First round of Players becomes final round as rest of tourney canceled

Matsuyama fires 9-under 63, but event overshadowed by coronavirus, eventual cancellation

Hideki Matsuyama watches his drive on the 11th hole during the first round of The Players Championship on The Stadium Course at TPC Sawgrass on March 12, 2020 in Ponte Vedra Beach, Florida. (Photo by Cliff Hawkins/Getty Images) (Cliff Hawkins, 2020 Getty Images)

PONTE VEDRA BEACH, Fla. – A gorgeous day on the golf course and a record-tying low score at The Players Championship couldn’t overshadow the obvious as the sports world ground to a halt on Thursday.

The coronavirus pandemic that forced unprecedented cancellations and postponements across the world was the talk of TPC Sawgrass during a subdued first round of The Players.

Fans were originally to be kept away from the Stadium Course for the final three rounds of the tournament as a precaution against the coronavirus, which became the story on Thursday. Later, the Tour announced that the remainder of the tournament was being canceled.

It was a stunning turn of events in a short period of time.

On Tuesday, the Tour said it was keeping an eye on the coronavirus situation, but planned on the tournament being played. On Wednesday, the NBA had a player test positive for the virus and later decided to put the season on hold. Thursday afternoon, Tour commissioner Jay Monahan said that The Players would go on, only without fans in the gallery over the final three rounds. Ten hours after that announcement, it announced the event, and several others that follow, were all being canceled.

Hideki Matsuyama shot a 9-under 63 on Thursday and led by two strokes over Harris English, Christian Bezuidenhout and Si Woo Kim on a low-scoring morning at Sawgrass. By the time some of the early tee timers were finishing up their rounds, word began to leak out that fans wouldn’t be allowed to attend after Thursday as concerns about the coronavirus sped up.

One golfer, C.T. Pan, withdrew from The Players, citing possible exposure to the coronavirus. He was scheduled to tee off at 2:02 p.m.

Monahan said the financial losses, from food vendors to refunds on tickets and parking, will be steep.

Golfers, too, will be affected.

The spectacle of a typical Saturday and Sunday at the Stadium Course are some of the best on Tour. At least in 2020, those won’t happen.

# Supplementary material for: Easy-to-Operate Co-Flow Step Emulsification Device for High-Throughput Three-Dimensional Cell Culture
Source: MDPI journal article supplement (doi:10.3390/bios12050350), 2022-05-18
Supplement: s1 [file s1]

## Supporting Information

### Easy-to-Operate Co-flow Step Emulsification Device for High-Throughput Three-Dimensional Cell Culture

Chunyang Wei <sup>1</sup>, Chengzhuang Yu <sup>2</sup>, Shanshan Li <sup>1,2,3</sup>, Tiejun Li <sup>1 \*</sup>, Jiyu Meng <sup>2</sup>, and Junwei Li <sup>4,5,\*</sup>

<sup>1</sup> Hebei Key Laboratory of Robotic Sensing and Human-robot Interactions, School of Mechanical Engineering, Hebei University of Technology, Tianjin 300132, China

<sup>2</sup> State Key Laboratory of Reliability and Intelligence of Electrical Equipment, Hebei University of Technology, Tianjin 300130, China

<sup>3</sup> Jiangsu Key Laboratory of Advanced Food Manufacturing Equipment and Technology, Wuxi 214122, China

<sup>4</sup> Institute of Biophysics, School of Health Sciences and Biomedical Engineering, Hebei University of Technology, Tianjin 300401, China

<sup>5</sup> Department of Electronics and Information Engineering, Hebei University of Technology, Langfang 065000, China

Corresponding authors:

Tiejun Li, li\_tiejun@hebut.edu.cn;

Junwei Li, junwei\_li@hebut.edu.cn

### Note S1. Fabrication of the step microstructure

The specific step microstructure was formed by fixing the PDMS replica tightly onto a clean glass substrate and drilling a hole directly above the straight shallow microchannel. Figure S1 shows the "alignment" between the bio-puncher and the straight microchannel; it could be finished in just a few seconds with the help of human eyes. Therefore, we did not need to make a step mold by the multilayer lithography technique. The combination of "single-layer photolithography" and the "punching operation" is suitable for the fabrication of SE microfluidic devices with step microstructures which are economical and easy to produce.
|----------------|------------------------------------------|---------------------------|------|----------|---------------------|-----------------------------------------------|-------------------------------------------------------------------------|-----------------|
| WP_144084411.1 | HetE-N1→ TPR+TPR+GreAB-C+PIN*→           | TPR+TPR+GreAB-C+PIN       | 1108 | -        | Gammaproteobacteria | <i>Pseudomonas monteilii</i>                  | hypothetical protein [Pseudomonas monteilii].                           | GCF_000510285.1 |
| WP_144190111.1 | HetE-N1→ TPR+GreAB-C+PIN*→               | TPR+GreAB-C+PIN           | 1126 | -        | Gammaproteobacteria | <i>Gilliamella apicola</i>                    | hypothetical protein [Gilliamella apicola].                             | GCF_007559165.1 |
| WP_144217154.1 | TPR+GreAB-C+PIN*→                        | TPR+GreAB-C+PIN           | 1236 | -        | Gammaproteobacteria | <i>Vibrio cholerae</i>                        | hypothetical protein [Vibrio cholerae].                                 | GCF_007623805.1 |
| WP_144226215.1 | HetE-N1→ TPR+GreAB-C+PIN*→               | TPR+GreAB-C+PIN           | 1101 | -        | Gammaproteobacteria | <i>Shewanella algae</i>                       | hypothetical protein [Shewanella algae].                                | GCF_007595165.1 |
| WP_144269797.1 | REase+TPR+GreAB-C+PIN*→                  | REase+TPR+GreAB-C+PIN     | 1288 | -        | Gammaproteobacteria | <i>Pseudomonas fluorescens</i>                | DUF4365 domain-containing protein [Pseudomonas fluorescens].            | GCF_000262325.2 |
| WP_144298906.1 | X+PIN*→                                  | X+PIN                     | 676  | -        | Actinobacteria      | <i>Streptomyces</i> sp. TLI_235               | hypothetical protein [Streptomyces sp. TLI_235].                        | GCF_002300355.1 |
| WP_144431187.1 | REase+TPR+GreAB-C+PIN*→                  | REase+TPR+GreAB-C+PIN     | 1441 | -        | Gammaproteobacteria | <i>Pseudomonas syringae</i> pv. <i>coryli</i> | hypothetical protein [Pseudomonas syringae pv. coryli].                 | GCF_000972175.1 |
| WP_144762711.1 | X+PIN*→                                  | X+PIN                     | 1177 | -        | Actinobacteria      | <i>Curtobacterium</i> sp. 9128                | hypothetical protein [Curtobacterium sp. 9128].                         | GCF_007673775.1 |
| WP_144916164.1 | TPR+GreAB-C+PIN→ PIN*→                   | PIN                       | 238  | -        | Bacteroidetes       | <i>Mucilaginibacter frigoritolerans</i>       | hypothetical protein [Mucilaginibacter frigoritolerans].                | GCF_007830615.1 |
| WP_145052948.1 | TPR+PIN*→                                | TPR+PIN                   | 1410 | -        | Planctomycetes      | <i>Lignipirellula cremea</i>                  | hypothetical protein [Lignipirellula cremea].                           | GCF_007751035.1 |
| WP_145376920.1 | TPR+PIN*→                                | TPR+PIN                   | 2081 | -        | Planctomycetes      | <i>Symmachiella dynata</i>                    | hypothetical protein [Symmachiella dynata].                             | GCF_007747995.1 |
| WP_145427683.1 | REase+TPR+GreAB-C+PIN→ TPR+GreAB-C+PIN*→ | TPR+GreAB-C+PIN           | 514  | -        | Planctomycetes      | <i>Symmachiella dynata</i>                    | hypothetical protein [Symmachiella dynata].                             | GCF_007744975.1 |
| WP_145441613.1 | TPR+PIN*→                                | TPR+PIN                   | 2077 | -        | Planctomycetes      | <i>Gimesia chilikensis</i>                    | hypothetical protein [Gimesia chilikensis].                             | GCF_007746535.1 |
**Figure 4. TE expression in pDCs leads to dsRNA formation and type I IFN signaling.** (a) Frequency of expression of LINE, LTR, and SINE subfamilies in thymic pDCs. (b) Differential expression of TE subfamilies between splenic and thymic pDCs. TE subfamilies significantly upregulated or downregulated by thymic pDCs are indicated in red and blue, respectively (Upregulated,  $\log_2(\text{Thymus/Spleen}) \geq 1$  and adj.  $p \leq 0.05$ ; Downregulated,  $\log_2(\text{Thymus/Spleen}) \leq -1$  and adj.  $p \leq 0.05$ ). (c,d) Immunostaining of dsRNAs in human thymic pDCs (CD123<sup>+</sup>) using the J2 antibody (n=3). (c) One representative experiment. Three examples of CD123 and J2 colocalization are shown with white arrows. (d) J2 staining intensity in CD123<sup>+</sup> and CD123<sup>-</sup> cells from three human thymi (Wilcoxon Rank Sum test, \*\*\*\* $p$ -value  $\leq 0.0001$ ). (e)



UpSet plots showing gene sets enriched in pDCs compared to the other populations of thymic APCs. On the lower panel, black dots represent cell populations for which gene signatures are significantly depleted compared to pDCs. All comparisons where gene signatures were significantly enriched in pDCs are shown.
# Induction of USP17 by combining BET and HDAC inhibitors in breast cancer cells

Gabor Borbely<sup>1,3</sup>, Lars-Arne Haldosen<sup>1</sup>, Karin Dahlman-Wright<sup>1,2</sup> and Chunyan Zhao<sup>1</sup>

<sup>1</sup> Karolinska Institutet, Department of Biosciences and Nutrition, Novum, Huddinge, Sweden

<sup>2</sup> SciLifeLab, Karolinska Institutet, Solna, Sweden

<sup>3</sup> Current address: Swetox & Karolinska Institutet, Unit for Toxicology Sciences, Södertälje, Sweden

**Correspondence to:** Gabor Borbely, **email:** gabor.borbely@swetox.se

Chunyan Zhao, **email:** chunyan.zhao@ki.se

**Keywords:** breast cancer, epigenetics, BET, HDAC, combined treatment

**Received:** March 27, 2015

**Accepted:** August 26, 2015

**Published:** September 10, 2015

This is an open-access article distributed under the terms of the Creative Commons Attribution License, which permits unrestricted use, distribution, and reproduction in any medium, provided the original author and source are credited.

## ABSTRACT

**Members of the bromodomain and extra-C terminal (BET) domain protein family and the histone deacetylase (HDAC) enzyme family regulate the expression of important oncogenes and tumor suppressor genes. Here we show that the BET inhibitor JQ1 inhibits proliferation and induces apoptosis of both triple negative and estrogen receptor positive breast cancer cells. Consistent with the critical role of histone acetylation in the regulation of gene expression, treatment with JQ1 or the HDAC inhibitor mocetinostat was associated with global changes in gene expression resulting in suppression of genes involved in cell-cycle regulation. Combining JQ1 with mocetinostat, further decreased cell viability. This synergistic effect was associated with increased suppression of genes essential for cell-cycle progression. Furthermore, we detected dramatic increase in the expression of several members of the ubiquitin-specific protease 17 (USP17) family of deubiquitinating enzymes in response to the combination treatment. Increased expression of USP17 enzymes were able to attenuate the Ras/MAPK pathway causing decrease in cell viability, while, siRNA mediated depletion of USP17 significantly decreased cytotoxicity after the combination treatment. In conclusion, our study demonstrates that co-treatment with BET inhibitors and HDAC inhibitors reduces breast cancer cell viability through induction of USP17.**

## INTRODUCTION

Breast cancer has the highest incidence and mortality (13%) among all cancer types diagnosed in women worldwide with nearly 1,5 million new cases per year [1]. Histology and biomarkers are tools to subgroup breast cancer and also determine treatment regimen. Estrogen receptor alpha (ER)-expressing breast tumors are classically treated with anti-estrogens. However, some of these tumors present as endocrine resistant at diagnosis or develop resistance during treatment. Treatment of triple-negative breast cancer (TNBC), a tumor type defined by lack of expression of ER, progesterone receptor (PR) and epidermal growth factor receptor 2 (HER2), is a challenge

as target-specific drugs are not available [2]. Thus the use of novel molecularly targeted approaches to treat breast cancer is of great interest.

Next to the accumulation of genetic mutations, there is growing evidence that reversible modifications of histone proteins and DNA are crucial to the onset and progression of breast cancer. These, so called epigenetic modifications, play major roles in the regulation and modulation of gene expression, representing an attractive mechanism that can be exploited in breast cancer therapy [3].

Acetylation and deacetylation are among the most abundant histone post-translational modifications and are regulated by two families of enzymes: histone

“It will be strange tomorrow,” Matsuyama said early Thursday. “I think all of us will have to go back to our college days to play without a gallery. But with that said, I know there’s a lot of people watching television and a lot of fans rooting for us and so I’ll do my best.”

While Thursday’s round was still well attended by first-round standards, galleries were noticeably thinner than normal. The coronavirus didn’t spawn any wild measures at the Stadium Course on Thursday – no fans donning face covers or surgical masks were seen – but there was a buzz about it.

“Yeah, I mean, I think it’s the right decision,” said Webb Simpson, a former Players champion who shot a 4-under 68 on Thursday. “I think everybody is taking extreme measures to make sure this thing doesn’t spread like it could spread. I know it was a tough decision, and it’s unfortunate for the fans and people who have bought tickets, but I do think it’s the right call.”

Two fans walking down the path through the always crowded 17th hole covered portions of their faces, one with their t-shirt, the other with the collar on their jacket, presumably to protect themselves as they made their way through the crowd.

Definitely not a typical day on the golf course.

“Yeah, I've never done it before. I think I played one PGA Tour event at Congressional maybe 2012 or 2013 where we didn't have fans on the weekend, big storm came through,” English said. “So, it's going to be weird here.

“Coming down the stretch, 16, 17, 18, like you said, the fans play such a big part of the atmosphere there and it's one of the best atmospheres in golf, so it's going to be very, very strange and only having a few people cheering or your playing partners, it's going to be different. But hopefully it will still be really good TV out there.”

Matsuyama finished his round strong to earn his way into the recordbooks.

Entering his final hole, the par-5, No. 9, Matsuyama was 7 under, his lone blemish a bogey on a usually easy No. 16. His second shot on No. 9 was a rocket, a 291-yard 3-wood to the green, and he drained a putt of nearly 25 feet for an eagle.

A putt like that got quite a bit of applause on Thursday. Now?

“It will be [different]. You hit a good shot or make a good putt, the crowd reaction kind of gets you going,” Matsuyama said. “It’s probably going to be strange for all of us, but it’s still golf, we’ll just go out and play our best.”

Matsuyama’s round was the fifth first-round 63 in tournament history, and first since Jason Day’s in 2016. Four of the five golfers who shot opening rounds 63s went on to win. Kim was the low golfer in the afternoon batch of tee times, finishing his back nine with a birdie on the par-5 ninth hole for a 7-under 65.

About the Author:

Justin Barney joined News4Jax in February 2019, but he’s been covering sports on the First Coast for more than 20 years.